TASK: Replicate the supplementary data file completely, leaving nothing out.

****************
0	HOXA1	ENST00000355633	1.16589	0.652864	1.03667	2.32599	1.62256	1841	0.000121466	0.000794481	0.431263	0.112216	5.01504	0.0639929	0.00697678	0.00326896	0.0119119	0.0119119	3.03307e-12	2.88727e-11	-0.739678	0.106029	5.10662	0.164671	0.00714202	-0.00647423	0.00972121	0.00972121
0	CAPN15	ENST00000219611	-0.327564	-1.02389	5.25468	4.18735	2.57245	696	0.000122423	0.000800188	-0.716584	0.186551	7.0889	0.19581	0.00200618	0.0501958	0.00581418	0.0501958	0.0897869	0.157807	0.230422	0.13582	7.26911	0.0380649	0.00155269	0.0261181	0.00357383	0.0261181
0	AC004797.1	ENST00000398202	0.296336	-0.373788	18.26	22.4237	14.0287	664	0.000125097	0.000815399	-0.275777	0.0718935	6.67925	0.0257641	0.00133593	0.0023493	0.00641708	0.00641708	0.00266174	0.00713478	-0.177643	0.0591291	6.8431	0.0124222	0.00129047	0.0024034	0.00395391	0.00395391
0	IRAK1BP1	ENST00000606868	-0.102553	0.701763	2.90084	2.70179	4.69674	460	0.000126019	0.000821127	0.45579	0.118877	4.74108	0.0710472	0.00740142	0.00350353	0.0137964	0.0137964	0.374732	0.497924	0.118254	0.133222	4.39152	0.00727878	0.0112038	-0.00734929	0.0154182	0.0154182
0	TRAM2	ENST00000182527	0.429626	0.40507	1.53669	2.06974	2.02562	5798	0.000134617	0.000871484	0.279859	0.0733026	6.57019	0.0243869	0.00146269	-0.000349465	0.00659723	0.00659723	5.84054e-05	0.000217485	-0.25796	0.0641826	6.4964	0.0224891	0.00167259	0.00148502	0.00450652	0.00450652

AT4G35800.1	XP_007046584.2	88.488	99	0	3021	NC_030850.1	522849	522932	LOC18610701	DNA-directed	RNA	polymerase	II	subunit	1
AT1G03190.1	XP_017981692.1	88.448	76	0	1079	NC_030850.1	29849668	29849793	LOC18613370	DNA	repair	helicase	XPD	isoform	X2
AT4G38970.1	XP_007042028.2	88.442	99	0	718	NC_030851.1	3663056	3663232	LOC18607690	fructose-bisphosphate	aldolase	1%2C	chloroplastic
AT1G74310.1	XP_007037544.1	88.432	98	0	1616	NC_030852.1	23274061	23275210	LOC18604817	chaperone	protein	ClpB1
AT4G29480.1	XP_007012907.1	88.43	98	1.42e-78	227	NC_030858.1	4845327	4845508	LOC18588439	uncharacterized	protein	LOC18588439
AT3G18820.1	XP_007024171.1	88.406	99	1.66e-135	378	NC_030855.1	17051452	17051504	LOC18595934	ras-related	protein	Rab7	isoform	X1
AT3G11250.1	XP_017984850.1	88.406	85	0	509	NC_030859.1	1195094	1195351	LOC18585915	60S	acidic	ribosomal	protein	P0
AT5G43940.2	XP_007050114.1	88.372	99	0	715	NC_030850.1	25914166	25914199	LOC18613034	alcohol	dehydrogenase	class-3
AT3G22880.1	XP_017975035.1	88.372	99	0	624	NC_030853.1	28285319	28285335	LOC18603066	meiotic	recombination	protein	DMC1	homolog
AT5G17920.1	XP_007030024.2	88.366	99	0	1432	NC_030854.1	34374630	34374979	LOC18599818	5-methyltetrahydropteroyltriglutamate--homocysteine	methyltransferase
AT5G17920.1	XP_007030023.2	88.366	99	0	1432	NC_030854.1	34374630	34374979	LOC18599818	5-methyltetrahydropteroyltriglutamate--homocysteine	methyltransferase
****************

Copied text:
0	HOXA1	ENST00000355633	1.16589	0.652864	1.03667	2.32599	1.62256	1841	0.000121466	0.000794481	0.431263	0.112216	5.01504	0.0639929	0.00697678	0.00326896	0.0119119	0.0119119	3.03307e-12	2.88727e-11	-0.739678	0.106029	5.10662	0.164671	0.00714202	-0.00647423	0.00972121	0.00972121
0	CAPN15	ENST00000219611	-0.327564	-1.02389	5.25468	4.18735	2.57245	696	0.000122423	0.000800188	-0.716584	0.186551	7.0889	0.19581	0.00200618	0.0501958	0.00581418	0.0501958	0.0897869	0.157807	0.230422	0.13582	7.26911	0.0380649	0.00155269	0.0261181	0.00357383	0.0261181
0	AC004797.1	ENST00000398202	0.296336	-0.373788	18.26	22.4237	14.0287	664	0.000125097	0.000815399	-0.275777	0.0718935	6.67925	0.0257641	0.00133593	0.0023493	0.00641708	0.00641708	0.00266174	0.00713478	-0.177643	0.0591291	6.8431	0.0124222	0.00129047	0.0024034	0.00395391	0.00395391
0	IRAK1BP1	ENST00000606868	-0.102553	0.701763	2.90084	2.70179	4.69674	460	0.000126019	0.000821127	0.45579	0.118877	4.74108	0.0710472	0.00740142	0.00350353	0.0137964	0.0137964	0.374732	0.497924	0.118254	0.133222	4.39152	0.00727878	0.0112038	-0.00734929	0.0154182	0.0154182
0	TRAM2	ENST00000182527	0.429626	0.40507	1.53669	2.06974	2.02562	5798	0.000134617	0.000871484	0.279859	0.0733026	6.57019	0.0243869	0.00146269	-0.000349465	0.00659723	0.00659723	5.84054e-05	0.000217485	-0.25796	0.0641826	6.4964	0.0224891	0.00167259	0.00148502	0.00450652	0.00450652

AT4G35800.1	XP_007046584.2	88.488	99	0	3021	NC_030850.1	522849	522932	LOC18610701	DNA-directed	RNA	polymerase	II	subunit	1
AT1G03190.1	XP_017981692.1	88.448	76	0	1079	NC_030850.1	29849668	29849793	LOC18613370	DNA	repair	helicase	XPD	isoform	X2
AT4G38970.1	XP_007042028.2	88.442	99	0	718	NC_030851.1	3663056	3663232	LOC18607690	fructose-bisphosphate	aldolase	1%2C	chloroplastic
AT1G74310.1	XP_007037544.1	88.432	98	0	1616	NC_030852.1	23274061	23275210	LOC18604817	chaperone	protein	ClpB1
AT4G29480.1	XP_007012907.1	88.43	98	1.42e-78	227	NC_030858.1	4845327	4845508	LOC18588439	uncharacterized	protein	LOC18588439
AT3G18820.1	XP_007024171.1	88.406	99	1.66e-135	378	NC_030855.1	17051452	17051504	LOC18595934	ras-related	protein	Rab7	isoform	X1
AT3G11250.1	XP_017984850.1	88.406	85	0	509	NC_030859.1	1195094	1195351	LOC18585915	60S	acidic	ribosomal	protein	P0
AT5G43940.2	XP_007050114.1	88.372	99	0	715	NC_030850.1	25914166	25914199	LOC18613034	alcohol	dehydrogenase	class-3
AT3G22880.1	XP_017975035.1	88.372	99	0	624	NC_030853.1	28285319	28285335	LOC18603066	meiotic	recombination	protein	DMC1	homolog
AT5G17920.1	XP_007030024.2	88.366	99	0	1432	NC_030854.1	34374630	34374979	LOC18599818	5-methyltetrahydropteroyltriglutamate--homocysteine	methyltransferase
AT5G17920.1	XP_007030023.2	88.366	99	0	1432	NC_030854.1	34374630	34374979	LOC18599818	5-methyltetrahydropteroyltriglutamate--homocysteine	methyltransferase